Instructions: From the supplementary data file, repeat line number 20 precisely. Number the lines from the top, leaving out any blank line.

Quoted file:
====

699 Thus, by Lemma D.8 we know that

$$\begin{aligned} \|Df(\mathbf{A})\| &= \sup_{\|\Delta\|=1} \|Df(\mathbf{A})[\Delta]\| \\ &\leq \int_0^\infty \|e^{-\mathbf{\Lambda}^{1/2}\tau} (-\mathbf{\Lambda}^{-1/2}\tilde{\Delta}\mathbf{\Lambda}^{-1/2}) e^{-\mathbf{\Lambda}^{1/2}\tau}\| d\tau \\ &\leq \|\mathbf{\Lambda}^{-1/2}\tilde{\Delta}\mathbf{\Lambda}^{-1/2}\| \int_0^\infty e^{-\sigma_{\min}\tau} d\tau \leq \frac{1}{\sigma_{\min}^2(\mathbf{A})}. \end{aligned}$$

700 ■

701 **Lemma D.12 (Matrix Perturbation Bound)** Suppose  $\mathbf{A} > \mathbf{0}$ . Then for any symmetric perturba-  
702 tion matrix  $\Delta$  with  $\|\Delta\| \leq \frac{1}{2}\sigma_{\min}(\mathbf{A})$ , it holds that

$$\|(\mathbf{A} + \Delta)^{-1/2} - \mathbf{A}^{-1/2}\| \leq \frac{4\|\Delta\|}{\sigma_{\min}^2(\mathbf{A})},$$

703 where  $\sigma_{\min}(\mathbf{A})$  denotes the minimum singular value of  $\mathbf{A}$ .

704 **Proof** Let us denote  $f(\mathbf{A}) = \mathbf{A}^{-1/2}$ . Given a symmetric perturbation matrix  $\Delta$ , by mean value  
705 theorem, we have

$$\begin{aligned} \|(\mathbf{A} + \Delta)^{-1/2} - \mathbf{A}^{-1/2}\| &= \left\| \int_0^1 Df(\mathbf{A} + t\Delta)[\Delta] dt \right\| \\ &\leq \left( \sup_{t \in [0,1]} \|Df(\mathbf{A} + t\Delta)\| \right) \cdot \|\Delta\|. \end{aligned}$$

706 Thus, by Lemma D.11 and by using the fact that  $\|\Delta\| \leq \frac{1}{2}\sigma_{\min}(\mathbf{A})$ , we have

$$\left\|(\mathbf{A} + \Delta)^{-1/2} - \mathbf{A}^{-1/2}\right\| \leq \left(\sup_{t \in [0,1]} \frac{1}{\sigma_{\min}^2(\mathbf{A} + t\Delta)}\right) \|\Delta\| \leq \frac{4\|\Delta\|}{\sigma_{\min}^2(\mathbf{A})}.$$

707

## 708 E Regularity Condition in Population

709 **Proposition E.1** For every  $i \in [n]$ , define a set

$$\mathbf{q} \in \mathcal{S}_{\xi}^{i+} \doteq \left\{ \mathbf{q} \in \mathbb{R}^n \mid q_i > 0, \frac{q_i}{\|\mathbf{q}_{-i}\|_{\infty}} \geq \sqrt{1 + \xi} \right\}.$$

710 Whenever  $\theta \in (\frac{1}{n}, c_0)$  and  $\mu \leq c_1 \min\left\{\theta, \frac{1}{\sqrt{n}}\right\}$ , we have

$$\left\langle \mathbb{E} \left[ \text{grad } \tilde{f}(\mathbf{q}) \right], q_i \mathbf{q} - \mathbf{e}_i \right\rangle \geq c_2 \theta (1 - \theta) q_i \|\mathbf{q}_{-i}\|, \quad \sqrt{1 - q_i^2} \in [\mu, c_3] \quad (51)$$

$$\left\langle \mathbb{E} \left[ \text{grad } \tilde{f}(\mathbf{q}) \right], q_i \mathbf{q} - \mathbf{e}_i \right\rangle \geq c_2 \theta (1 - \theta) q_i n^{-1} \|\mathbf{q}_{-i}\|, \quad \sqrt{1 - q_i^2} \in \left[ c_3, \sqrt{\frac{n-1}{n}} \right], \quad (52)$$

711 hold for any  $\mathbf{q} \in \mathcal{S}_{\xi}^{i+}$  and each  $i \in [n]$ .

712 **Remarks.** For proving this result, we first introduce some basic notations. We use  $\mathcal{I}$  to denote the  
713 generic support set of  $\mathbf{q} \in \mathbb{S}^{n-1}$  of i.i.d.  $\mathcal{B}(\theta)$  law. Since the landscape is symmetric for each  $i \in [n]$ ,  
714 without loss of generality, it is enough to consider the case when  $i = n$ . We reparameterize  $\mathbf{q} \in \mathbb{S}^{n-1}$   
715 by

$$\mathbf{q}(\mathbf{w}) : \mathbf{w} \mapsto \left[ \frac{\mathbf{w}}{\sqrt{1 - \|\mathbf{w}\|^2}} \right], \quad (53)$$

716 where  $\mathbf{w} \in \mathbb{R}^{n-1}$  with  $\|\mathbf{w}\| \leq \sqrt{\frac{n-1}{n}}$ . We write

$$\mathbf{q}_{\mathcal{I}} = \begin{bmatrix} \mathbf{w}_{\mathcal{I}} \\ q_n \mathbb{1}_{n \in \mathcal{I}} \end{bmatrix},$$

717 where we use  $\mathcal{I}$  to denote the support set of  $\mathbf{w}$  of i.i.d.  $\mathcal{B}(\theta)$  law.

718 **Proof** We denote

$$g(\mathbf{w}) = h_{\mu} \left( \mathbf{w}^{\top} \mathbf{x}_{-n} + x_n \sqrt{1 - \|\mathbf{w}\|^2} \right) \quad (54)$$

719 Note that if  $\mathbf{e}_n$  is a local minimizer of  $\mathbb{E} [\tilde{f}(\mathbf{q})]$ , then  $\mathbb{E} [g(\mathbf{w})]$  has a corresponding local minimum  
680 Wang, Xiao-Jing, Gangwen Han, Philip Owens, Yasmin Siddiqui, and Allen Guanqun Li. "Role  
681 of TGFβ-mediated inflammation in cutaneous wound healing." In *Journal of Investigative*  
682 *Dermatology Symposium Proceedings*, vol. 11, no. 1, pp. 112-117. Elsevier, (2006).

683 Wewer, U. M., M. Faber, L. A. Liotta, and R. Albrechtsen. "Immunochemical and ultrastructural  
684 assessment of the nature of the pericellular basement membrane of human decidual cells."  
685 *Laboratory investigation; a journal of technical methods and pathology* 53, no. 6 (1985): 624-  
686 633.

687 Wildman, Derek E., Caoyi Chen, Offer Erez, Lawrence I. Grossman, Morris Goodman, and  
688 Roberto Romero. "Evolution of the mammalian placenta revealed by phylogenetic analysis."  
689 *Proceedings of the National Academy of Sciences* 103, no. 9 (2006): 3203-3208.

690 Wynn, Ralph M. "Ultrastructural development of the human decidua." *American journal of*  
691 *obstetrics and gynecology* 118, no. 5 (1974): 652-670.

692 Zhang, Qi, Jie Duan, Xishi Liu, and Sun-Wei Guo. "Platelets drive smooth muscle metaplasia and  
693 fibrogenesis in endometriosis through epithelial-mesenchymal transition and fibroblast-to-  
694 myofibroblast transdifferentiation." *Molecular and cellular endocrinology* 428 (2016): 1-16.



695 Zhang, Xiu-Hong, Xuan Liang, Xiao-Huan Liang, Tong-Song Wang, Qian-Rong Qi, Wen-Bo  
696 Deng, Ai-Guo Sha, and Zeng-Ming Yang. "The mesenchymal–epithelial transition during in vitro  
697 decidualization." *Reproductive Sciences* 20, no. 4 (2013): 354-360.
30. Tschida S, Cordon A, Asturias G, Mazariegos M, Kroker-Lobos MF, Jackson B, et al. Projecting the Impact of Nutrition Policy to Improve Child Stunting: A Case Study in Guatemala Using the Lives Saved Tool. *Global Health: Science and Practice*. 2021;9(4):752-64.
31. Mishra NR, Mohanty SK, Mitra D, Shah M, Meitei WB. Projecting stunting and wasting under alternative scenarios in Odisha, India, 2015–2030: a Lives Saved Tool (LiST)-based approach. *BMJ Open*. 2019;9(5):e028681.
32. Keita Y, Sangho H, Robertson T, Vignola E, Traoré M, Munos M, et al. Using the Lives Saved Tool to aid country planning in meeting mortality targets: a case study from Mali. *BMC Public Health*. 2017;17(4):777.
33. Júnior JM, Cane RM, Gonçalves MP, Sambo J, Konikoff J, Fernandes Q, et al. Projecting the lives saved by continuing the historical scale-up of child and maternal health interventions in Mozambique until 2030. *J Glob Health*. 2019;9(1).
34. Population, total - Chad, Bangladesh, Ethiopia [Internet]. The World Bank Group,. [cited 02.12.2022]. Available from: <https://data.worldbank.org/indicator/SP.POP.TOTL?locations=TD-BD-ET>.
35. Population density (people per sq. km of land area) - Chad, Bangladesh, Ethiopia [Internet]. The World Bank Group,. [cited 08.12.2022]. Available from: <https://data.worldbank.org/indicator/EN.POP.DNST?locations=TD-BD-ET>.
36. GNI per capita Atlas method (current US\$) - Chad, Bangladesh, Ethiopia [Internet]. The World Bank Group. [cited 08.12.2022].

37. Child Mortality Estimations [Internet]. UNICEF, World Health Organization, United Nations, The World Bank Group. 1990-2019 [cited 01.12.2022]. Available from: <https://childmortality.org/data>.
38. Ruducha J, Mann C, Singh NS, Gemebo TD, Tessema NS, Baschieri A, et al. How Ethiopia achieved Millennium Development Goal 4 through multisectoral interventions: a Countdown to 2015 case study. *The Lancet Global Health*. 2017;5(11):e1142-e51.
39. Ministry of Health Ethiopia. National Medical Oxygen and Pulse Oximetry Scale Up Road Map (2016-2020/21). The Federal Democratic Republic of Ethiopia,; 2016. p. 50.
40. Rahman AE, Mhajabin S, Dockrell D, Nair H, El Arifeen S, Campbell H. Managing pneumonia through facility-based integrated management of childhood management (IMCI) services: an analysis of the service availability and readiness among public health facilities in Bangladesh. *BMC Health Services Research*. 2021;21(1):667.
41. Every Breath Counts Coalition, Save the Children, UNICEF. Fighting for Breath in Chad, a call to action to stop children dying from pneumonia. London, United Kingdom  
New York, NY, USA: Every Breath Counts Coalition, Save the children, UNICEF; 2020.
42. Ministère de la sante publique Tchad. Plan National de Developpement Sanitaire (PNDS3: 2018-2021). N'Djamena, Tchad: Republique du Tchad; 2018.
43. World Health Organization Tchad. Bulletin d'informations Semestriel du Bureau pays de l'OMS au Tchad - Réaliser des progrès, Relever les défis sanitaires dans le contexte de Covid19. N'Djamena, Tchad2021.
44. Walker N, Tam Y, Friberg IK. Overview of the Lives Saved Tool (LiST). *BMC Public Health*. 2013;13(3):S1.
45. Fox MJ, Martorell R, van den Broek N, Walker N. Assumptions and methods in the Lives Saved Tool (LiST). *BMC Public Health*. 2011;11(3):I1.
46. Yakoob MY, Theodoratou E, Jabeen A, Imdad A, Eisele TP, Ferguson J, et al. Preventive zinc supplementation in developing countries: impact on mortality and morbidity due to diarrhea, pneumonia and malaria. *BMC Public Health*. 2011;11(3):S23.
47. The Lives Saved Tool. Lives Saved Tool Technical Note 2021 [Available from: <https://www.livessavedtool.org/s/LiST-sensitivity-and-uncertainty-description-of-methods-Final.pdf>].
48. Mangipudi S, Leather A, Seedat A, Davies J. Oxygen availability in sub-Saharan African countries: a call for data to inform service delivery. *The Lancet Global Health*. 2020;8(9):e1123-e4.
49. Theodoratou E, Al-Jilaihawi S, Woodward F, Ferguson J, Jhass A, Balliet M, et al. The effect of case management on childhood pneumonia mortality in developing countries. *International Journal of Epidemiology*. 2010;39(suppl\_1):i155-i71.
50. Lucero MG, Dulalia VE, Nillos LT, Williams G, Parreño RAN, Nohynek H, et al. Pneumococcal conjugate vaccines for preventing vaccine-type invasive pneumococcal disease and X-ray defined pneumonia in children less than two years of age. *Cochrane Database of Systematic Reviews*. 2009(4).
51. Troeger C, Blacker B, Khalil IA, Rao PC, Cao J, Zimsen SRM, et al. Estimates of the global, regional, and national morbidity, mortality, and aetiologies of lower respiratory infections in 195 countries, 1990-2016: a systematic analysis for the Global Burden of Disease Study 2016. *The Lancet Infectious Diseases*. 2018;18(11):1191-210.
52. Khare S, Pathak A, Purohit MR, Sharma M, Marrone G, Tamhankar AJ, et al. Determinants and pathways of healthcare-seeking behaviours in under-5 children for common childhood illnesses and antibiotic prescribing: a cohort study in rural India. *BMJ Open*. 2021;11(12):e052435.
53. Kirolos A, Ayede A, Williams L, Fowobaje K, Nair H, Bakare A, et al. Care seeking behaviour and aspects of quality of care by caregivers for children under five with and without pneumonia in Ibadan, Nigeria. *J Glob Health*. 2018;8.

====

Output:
711 hold for any  $\mathbf{q} \in \mathcal{S}_{\xi}^{i+}$  and each  $i \in [n]$ .